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Environ Health Perspect. 2012 Jul;120(7):965-70. doi: 10.1289/ehp.1104660. Epub 2012 Mar 28.

Chronic exposure to fine particles and mortality: an extended follow-up of the Harvard Six Cities study from 1974 to 2009.

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  • 1Department of Environmental Health, Harvard School of Public Health, Boston, Massachusetts 02215, USA. jlepeule@hsph.harvard.edu

Abstract

BACKGROUND:

Epidemiologic studies have reported associations between fine particles (aerodynamic diameter ≤ 2.5 µm; PM2.5) and mortality. However, concerns have been raised regarding the sensitivity of the results to model specifications, lower exposures, and averaging time.

OBJECTIVE:

We addressed these issues using 11 additional years of follow-up of the Harvard Six Cities study, incorporating recent lower exposures.

METHODS:

We replicated the previously applied Cox regression, and examined different time lags, the shape of the concentration-response relationship using penalized splines, and changes in the slope of the relation over time. We then conducted Poisson survival analysis with time-varying effects for smoking, sex, and education.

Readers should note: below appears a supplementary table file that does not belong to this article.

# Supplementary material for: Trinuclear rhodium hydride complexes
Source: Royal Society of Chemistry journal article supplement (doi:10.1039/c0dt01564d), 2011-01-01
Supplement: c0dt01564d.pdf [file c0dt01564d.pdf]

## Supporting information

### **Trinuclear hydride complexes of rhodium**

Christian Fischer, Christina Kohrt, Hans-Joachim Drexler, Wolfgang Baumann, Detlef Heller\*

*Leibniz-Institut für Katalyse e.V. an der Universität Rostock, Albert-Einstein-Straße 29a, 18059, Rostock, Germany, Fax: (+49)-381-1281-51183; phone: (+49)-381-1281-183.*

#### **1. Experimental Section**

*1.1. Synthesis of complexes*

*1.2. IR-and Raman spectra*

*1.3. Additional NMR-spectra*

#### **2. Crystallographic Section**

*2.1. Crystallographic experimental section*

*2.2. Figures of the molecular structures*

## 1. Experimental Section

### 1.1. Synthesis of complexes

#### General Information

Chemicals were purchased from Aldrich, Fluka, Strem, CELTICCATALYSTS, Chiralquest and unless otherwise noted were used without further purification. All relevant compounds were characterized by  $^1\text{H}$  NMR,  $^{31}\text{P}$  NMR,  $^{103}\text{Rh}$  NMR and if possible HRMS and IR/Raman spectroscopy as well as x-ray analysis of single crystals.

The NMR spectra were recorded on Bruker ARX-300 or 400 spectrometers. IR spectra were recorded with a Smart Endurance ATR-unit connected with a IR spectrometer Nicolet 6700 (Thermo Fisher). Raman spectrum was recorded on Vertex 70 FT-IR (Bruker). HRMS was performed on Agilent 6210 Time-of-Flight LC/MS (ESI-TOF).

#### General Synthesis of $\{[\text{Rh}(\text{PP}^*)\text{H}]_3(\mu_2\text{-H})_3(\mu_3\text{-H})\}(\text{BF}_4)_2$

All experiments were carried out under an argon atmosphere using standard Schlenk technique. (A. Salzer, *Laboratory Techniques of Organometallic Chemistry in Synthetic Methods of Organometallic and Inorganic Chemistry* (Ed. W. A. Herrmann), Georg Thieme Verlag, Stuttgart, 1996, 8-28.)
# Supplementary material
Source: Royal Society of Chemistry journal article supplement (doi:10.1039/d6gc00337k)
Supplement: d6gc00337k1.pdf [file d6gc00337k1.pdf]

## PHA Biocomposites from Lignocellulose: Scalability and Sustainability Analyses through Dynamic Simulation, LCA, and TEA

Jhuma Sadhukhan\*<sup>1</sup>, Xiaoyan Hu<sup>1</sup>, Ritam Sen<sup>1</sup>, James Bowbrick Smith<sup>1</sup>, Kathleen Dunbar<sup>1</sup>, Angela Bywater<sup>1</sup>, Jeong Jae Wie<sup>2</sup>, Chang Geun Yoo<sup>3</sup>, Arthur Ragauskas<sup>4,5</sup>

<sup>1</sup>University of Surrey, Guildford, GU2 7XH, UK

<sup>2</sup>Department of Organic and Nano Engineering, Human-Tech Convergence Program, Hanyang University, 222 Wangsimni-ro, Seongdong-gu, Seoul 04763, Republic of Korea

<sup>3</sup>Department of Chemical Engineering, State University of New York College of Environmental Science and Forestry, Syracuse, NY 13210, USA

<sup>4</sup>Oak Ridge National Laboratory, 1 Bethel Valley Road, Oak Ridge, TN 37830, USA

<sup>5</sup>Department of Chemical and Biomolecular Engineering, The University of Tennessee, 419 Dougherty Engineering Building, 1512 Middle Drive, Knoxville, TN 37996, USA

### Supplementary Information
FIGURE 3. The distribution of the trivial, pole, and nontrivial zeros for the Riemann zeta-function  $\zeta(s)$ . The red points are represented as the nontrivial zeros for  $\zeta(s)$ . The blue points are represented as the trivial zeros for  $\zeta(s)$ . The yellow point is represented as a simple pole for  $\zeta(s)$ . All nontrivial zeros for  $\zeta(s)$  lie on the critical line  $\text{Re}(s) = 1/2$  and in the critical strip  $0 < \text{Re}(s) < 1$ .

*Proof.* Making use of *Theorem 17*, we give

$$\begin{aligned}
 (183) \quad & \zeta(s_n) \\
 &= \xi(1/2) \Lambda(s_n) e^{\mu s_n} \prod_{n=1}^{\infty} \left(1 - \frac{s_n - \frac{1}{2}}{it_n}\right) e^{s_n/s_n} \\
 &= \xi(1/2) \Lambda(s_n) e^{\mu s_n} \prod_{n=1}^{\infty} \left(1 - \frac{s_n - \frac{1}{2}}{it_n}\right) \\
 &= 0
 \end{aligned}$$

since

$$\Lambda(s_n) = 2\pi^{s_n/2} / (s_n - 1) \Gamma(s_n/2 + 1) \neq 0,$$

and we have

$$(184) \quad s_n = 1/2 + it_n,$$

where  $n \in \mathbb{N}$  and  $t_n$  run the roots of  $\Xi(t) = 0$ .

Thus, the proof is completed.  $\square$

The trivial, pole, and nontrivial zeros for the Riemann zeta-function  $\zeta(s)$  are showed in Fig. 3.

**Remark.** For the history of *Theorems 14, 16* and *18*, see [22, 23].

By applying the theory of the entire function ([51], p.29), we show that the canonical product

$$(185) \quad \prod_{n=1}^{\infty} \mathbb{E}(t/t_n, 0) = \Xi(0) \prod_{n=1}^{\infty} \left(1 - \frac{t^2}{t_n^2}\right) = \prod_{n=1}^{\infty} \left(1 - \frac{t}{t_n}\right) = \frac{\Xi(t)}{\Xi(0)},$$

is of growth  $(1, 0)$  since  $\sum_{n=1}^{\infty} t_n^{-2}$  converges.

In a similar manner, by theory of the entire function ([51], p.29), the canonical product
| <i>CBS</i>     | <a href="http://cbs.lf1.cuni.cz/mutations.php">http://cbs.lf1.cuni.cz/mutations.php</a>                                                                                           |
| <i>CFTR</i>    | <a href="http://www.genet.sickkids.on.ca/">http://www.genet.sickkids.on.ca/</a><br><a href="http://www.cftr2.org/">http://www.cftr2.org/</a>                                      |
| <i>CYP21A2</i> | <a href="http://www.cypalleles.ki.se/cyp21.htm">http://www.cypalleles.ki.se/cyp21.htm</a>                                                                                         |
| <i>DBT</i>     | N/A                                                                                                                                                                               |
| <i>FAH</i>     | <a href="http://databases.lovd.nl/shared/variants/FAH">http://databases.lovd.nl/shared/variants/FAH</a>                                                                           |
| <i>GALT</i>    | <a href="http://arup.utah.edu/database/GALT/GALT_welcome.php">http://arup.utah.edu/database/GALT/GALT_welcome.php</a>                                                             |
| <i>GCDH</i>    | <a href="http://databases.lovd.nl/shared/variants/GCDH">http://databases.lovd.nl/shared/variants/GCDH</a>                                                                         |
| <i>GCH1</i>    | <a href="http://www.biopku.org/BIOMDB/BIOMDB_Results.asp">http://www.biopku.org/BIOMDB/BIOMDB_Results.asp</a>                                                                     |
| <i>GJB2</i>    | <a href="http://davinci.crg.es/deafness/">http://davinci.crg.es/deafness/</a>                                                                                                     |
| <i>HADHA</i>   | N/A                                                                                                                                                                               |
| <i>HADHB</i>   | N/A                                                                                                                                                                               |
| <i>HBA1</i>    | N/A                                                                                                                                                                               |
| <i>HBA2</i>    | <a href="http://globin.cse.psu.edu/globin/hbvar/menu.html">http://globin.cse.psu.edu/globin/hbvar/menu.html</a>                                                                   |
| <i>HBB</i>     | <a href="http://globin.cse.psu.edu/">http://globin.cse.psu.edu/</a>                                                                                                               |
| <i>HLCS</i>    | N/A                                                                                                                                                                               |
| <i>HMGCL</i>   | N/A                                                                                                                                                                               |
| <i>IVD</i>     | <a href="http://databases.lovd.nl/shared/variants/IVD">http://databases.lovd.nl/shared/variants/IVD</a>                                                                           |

RESULTS:

Since 2001, average PM2.5 levels, for all six cities, were < 18 µg/m3. Each increase in PM2.5 (10 µg/m3) was associated with an adjusted increased risk of all-cause mortality (PM2.5 average on previous year) of 14% [95% confidence interval (CI): 7, 22], and with 26% (95% CI: 14, 40) and 37% (95% CI: 7, 75) increases in cardiovascular and lung-cancer mortality (PM2.5 average of three previous years), respectively. The concentration-response relationship was linear down to PM2.5 concentrations of 8 µg/m3. Mortality rate ratios for PM2.5 fluctuated over time, but without clear trends despite a substantial drop in the sulfate fraction. Poisson models produced similar results.

CONCLUSIONS:

These results suggest that further public policy efforts that reduce fine particulate matter air pollution are likely to have continuing public health benefits.

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PMID:
22456598
[PubMed - indexed for MEDLINE]
PMCID:
PMC3404667
Free PMC Article
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